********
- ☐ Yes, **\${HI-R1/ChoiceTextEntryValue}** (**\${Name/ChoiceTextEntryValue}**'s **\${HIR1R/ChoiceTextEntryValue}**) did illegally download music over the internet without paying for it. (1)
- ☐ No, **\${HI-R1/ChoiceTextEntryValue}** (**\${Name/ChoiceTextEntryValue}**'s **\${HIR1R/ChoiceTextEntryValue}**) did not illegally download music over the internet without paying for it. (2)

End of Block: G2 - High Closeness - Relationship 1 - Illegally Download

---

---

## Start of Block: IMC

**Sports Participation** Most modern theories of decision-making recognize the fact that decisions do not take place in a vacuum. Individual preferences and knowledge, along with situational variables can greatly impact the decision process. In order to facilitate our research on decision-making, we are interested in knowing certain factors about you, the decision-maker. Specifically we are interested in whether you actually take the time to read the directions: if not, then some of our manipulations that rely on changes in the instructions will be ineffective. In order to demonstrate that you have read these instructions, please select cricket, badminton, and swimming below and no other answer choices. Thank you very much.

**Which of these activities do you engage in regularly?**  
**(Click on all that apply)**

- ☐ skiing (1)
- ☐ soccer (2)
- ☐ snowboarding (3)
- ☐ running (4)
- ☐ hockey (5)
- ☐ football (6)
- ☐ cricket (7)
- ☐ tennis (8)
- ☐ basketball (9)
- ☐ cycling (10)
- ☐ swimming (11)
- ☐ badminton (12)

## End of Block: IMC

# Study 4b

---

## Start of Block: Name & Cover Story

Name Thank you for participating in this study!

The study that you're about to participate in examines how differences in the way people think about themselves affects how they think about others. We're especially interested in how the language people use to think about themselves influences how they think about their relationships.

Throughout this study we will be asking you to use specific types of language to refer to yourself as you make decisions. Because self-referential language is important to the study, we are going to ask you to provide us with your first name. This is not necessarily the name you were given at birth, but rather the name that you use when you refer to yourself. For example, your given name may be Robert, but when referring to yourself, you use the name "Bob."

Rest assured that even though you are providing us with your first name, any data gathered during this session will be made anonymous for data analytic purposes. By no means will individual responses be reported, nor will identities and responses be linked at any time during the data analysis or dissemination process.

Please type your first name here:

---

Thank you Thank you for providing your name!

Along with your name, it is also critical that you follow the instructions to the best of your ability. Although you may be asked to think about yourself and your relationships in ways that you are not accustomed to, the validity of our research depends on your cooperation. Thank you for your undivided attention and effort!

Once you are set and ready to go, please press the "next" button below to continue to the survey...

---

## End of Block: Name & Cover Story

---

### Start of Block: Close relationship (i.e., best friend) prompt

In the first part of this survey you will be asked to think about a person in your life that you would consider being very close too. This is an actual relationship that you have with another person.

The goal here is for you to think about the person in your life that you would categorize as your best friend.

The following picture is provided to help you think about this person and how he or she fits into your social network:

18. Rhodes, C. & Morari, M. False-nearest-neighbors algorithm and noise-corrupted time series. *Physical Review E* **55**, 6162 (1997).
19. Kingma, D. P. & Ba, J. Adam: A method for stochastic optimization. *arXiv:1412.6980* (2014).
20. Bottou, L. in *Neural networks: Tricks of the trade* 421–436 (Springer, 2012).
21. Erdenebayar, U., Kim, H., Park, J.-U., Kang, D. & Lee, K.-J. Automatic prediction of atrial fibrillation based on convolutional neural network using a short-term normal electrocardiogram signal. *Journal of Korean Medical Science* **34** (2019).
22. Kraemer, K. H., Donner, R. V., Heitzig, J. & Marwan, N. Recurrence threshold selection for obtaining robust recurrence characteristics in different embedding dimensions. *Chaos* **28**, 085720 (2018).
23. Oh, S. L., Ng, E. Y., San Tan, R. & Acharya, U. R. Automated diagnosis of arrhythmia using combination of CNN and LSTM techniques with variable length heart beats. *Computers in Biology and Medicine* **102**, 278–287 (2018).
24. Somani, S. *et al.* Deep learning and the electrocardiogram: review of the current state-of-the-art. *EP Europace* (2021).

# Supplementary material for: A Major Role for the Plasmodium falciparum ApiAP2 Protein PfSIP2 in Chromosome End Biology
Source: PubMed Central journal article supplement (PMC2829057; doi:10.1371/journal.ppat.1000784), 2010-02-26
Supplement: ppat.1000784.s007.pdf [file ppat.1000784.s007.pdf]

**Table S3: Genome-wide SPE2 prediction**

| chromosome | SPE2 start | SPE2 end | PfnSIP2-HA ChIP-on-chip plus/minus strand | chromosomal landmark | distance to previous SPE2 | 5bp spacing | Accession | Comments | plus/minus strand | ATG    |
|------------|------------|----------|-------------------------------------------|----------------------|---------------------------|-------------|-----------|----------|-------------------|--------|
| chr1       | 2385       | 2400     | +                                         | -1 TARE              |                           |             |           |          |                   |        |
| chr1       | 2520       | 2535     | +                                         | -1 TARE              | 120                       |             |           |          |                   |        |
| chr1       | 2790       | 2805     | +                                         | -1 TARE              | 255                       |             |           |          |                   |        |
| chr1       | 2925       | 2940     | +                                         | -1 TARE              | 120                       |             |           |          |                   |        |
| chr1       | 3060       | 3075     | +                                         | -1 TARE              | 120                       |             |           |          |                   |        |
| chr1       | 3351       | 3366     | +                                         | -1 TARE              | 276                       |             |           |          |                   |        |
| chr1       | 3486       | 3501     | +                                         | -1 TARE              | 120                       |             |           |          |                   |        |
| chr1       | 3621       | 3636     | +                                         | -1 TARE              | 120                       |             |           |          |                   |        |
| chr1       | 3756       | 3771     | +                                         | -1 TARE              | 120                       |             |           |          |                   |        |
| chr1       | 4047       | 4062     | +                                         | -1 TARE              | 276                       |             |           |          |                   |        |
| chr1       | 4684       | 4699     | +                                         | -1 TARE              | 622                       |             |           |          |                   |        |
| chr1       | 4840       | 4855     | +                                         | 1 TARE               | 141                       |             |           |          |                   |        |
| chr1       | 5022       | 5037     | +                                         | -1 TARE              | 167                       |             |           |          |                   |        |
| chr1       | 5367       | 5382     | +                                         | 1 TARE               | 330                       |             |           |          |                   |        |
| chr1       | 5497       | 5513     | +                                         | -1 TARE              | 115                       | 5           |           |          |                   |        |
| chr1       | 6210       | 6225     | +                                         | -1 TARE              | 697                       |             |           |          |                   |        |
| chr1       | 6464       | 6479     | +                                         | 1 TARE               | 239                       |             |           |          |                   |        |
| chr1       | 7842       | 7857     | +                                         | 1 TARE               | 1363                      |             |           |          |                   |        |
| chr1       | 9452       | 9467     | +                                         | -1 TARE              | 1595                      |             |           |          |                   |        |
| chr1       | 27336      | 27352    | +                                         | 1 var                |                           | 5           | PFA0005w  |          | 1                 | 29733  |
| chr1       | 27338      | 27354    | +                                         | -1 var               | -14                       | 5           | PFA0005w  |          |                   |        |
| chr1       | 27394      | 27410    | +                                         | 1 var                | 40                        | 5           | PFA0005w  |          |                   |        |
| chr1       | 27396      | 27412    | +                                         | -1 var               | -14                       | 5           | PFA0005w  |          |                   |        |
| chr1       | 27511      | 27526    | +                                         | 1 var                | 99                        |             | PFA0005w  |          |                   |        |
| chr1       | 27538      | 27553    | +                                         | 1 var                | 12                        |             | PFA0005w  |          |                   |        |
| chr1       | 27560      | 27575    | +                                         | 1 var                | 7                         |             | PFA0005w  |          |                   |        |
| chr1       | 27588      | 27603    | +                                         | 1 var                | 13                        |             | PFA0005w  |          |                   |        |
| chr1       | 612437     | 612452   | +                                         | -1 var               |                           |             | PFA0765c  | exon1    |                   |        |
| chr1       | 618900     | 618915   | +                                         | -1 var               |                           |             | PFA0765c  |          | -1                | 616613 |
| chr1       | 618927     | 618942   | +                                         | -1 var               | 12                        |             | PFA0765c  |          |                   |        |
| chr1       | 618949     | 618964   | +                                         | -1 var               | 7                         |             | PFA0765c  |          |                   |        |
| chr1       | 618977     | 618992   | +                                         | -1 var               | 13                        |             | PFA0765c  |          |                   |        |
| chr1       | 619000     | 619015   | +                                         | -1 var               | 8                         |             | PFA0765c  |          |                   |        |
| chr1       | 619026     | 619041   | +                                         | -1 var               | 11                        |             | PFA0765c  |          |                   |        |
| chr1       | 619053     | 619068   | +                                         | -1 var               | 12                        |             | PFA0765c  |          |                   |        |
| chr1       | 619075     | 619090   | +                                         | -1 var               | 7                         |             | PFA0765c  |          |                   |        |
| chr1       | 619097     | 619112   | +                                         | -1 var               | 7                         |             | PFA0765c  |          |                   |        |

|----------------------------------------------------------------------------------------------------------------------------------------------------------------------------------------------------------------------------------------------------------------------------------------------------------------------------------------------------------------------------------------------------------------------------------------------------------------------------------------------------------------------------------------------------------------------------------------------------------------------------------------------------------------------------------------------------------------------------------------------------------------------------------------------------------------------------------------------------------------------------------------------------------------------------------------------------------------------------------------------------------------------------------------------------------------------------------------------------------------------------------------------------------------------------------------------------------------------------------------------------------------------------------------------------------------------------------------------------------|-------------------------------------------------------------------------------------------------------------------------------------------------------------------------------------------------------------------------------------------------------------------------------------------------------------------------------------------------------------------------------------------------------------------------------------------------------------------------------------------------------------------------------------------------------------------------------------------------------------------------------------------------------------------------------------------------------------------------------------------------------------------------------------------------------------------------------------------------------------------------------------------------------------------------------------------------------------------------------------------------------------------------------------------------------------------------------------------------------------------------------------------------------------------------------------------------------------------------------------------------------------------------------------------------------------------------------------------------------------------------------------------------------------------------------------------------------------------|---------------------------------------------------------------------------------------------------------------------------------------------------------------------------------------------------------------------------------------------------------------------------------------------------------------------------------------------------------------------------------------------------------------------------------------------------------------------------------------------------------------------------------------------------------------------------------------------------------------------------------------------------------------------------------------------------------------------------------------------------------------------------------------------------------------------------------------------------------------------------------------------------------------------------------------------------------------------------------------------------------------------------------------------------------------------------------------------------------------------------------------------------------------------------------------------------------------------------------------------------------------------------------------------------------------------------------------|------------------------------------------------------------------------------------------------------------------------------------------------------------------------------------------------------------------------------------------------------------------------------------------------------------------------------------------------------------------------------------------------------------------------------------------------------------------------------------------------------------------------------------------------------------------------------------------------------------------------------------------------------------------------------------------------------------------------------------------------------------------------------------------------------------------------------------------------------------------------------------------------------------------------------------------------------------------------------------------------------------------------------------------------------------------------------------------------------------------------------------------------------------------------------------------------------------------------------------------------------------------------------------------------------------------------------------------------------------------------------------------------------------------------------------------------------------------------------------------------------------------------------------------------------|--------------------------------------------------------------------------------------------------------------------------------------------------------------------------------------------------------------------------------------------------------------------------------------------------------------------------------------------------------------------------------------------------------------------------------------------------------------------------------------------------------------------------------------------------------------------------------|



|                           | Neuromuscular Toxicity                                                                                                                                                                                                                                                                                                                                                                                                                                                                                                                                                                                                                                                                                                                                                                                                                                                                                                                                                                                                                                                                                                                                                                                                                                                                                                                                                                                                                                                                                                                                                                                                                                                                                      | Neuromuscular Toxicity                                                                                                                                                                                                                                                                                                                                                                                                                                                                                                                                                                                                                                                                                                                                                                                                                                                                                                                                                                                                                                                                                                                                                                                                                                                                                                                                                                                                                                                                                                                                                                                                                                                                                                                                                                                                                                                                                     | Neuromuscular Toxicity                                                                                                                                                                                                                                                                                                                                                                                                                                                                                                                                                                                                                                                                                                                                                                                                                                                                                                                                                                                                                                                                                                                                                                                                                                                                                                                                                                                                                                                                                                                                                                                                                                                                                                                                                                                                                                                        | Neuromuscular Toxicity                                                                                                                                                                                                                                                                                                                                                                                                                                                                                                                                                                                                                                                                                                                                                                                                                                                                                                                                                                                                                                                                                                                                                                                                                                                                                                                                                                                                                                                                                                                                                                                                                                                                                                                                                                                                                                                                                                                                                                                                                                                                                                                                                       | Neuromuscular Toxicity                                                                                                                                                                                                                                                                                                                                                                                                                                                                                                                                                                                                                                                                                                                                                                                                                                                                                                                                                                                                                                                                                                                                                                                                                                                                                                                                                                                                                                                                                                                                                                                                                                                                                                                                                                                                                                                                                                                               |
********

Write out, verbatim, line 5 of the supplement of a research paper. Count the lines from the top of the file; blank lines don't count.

---